Browsing named entities in James D. Porter, Confederate Military History, a library of Confederate States Military History: Volume 7.1, Tennessee (ed. Clement Anselm Evans). You can also browse the collection for Lane or search for Lane in all documents.

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o halt. The attack was abandoned, and Johnson occupied, with his skirmishers, the advance rifle-pits, distant 250 yards from the enemy's fort. During the assault on Fort Loudon, Johnson's brigade lost Lieut. S. W. Ross, Forty-fourth, and Private J. P. Hicks, Seventeenth, killed, and 19 officers and men wounded. On December 4th, at nightfall, Johnson's command withdrew from the line of investment in front of Knoxville and moved with Longstreet's corps to Bean's Station and Rogersville. Major Lane, of the Twenty-third, withdrew the pickets from the enemy's front at 11 p. m. Johnson's command was not in good condition for a campaign in midwinter; the men were poorly clad and many of them barefooted. On December 14th they participated in a combat at Bean's Station, in which the brigade sustained a loss of 6 killed and 52 wounded. In this affair General Johnson advanced directly against the enemy and drove him to the buildings at Bean's Station, where he met with a stout resistance
step. General Pender, with three brigades, became hotly engaged, and Archer, commanding his own, Lane's and Brockenbrough's brigades, moved by the left flank, and after forming on Pender's left, a si in confusion. Gen. R. E. Lee, referring to this action in his official report, said Archer and Lane repulsed that portion of the line in their immediate front, but before the interval between these, the enemy passed through in overwhelming numbers and turned the left of Archer and the right of Lane, attacking in front and flank the two regiments of Archer and the brigade of Lane, which after a Lane, which after a brave and obstinate resistance gave way. Archer held his line with the First Tennessee and with the Fifth Alabama battalion, assisted by the Forty-second Virginia and the Twenty-second Virginia battalnd Heth's divisions. They went forward supported by Wilcox's brigade of Anderson's-division, and Lane's and Scales' brigades of Pender's division, under Major-General Trimble, the gallant Pender havi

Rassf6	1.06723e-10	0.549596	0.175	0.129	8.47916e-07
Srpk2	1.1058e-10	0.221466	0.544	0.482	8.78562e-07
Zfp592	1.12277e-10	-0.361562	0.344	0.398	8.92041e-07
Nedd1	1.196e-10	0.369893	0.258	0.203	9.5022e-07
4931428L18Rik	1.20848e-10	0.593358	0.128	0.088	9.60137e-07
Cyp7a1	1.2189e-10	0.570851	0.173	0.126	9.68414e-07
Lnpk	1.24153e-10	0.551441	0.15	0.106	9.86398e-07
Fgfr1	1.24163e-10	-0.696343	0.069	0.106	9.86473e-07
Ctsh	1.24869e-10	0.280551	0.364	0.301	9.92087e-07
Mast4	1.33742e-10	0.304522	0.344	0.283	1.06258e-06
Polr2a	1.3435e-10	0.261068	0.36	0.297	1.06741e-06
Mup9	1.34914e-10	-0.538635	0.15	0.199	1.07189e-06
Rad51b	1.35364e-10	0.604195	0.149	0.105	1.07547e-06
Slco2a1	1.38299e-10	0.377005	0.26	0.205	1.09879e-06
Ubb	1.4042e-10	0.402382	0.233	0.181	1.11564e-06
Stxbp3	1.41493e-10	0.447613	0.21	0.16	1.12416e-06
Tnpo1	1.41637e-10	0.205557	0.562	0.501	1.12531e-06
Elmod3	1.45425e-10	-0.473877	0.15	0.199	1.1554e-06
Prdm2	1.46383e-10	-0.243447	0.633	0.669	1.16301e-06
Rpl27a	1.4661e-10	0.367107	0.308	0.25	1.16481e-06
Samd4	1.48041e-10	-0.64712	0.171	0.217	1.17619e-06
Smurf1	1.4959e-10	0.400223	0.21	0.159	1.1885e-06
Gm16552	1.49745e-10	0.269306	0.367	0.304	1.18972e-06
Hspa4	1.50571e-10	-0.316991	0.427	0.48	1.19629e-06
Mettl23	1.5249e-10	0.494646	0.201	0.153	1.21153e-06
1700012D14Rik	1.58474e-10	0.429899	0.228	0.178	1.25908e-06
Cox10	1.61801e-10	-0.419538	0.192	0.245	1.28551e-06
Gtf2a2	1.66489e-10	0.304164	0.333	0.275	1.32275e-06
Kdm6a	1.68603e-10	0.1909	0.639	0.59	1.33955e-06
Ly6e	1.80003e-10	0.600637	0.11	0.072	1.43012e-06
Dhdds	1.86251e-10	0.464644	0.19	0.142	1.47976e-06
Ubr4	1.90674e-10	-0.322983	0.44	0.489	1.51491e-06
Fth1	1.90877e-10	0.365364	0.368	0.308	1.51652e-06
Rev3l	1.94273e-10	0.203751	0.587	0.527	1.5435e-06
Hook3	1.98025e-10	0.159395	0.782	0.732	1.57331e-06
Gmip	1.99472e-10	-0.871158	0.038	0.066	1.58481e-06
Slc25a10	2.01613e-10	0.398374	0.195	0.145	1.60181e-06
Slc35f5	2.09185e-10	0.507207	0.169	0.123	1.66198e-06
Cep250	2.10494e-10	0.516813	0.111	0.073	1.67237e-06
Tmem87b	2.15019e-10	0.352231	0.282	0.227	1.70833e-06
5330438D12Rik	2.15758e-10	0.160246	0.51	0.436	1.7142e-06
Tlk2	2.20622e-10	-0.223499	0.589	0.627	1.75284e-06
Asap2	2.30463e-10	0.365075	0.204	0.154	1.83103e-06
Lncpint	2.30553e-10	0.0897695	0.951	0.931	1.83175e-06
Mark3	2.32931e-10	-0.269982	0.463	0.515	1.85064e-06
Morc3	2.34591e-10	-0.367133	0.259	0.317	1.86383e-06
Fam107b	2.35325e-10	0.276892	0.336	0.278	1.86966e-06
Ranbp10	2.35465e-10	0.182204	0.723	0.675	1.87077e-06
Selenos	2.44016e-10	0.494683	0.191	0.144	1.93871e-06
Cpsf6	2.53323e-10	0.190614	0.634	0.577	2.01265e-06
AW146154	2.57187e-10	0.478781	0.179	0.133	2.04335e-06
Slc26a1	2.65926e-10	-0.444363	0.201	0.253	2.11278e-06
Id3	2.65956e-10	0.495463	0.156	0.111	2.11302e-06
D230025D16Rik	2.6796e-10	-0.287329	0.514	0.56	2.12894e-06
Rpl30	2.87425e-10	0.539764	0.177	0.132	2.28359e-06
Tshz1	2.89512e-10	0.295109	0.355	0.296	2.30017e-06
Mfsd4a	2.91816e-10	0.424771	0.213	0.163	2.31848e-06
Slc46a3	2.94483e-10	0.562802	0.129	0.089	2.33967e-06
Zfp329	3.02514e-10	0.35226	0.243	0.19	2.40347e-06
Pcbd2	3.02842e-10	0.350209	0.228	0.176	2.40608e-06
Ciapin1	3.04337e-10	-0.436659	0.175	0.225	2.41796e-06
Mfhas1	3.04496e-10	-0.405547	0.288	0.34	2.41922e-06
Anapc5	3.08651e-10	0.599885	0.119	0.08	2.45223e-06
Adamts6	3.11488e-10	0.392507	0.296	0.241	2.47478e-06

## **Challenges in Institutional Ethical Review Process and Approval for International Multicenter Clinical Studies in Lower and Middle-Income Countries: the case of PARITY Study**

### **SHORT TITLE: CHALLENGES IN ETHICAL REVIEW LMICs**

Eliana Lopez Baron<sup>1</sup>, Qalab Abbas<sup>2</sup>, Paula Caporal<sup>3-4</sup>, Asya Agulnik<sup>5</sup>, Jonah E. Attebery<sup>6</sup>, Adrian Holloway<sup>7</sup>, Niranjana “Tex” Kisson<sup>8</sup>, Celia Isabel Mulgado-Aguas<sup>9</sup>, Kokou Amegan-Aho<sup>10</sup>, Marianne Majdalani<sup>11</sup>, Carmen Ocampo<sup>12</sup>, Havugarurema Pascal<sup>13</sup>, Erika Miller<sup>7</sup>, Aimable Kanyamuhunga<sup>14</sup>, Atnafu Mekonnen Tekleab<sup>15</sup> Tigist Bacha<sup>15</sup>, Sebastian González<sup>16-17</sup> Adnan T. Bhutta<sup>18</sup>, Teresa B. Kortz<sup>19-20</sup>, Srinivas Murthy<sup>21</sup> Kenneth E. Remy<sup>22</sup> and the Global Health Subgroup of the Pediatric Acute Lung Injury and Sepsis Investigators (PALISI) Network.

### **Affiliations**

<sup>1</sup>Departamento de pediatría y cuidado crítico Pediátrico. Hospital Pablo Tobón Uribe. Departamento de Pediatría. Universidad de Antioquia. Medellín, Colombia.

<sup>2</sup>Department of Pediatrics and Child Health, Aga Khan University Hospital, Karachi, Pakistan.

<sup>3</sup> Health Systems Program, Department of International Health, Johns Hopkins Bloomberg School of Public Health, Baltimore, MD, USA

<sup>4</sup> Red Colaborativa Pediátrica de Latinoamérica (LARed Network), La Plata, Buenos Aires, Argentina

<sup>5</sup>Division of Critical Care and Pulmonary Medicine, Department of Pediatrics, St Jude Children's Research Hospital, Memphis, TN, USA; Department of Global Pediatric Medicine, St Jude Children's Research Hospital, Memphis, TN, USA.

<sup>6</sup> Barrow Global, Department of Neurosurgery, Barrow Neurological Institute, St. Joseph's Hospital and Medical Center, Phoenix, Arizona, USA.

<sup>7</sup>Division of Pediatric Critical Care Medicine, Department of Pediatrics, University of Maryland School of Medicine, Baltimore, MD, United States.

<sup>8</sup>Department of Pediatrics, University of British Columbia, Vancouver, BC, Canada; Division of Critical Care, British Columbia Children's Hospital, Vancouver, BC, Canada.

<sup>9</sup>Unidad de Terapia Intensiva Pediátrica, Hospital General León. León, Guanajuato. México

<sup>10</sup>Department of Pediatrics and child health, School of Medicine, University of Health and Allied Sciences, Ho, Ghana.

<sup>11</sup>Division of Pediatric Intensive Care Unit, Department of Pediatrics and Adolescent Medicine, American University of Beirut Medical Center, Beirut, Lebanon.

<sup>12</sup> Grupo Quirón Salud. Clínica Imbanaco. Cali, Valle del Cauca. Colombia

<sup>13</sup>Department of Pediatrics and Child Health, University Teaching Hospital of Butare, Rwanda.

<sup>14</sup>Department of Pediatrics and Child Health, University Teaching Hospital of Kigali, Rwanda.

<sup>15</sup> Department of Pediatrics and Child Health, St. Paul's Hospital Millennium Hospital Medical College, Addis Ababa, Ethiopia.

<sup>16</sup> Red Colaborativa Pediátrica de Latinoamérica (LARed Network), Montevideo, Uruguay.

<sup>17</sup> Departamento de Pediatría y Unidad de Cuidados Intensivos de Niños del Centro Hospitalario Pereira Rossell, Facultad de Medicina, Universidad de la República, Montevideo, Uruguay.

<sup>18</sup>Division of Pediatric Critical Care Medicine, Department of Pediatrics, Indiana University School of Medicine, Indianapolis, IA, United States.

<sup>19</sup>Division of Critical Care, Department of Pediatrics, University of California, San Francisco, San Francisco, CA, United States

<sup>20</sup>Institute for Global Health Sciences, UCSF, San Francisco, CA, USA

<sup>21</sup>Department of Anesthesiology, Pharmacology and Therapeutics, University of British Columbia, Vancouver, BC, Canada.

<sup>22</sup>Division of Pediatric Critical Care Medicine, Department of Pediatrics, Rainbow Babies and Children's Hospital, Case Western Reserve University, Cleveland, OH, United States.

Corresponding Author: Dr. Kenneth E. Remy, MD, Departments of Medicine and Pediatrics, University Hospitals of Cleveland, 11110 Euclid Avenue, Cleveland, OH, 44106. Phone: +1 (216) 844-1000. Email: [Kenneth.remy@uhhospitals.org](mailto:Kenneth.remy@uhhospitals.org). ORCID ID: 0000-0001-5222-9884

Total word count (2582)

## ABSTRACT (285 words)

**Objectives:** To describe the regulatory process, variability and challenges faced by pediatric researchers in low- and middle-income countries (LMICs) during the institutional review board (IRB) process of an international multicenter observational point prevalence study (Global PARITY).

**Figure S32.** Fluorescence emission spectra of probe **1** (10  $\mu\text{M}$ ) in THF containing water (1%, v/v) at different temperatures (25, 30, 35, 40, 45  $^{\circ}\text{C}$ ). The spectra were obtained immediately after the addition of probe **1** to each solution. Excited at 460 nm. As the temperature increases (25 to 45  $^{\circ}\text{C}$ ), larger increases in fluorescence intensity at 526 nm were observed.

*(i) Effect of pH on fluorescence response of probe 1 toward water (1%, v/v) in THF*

her battles of 1862, but at Chancellorsville, in 1863, his opportunities were again great, and he measured fully up to the occasion, adding much to his already splendid reputation. On the field of Gettysburg, the magnificent fighting of Wilcox's men gave new glory to the brigade and its dashing commander. On the 9th of August, 1863, Wilcox was commissioned major-general and assigned to the command of the division in Hill's corps that had been commanded by Pender at Gettysburg. It comprised Lane's North Carolina brigade, five regiments; Thomas' Georgia brigade, four regiments; McGowan's South Carolina brigade, five regiments; and Scales' North Carolina brigade, five regiments. In the campaigns from the Wilderness to Appomattox, Wilcox's division constantly added to its already great reputation. Notwithstanding the many brilliant victories of the final campaigns in Virginia, superior numbers and resources won at last. In the last fighting around Petersburg two small forts, Battery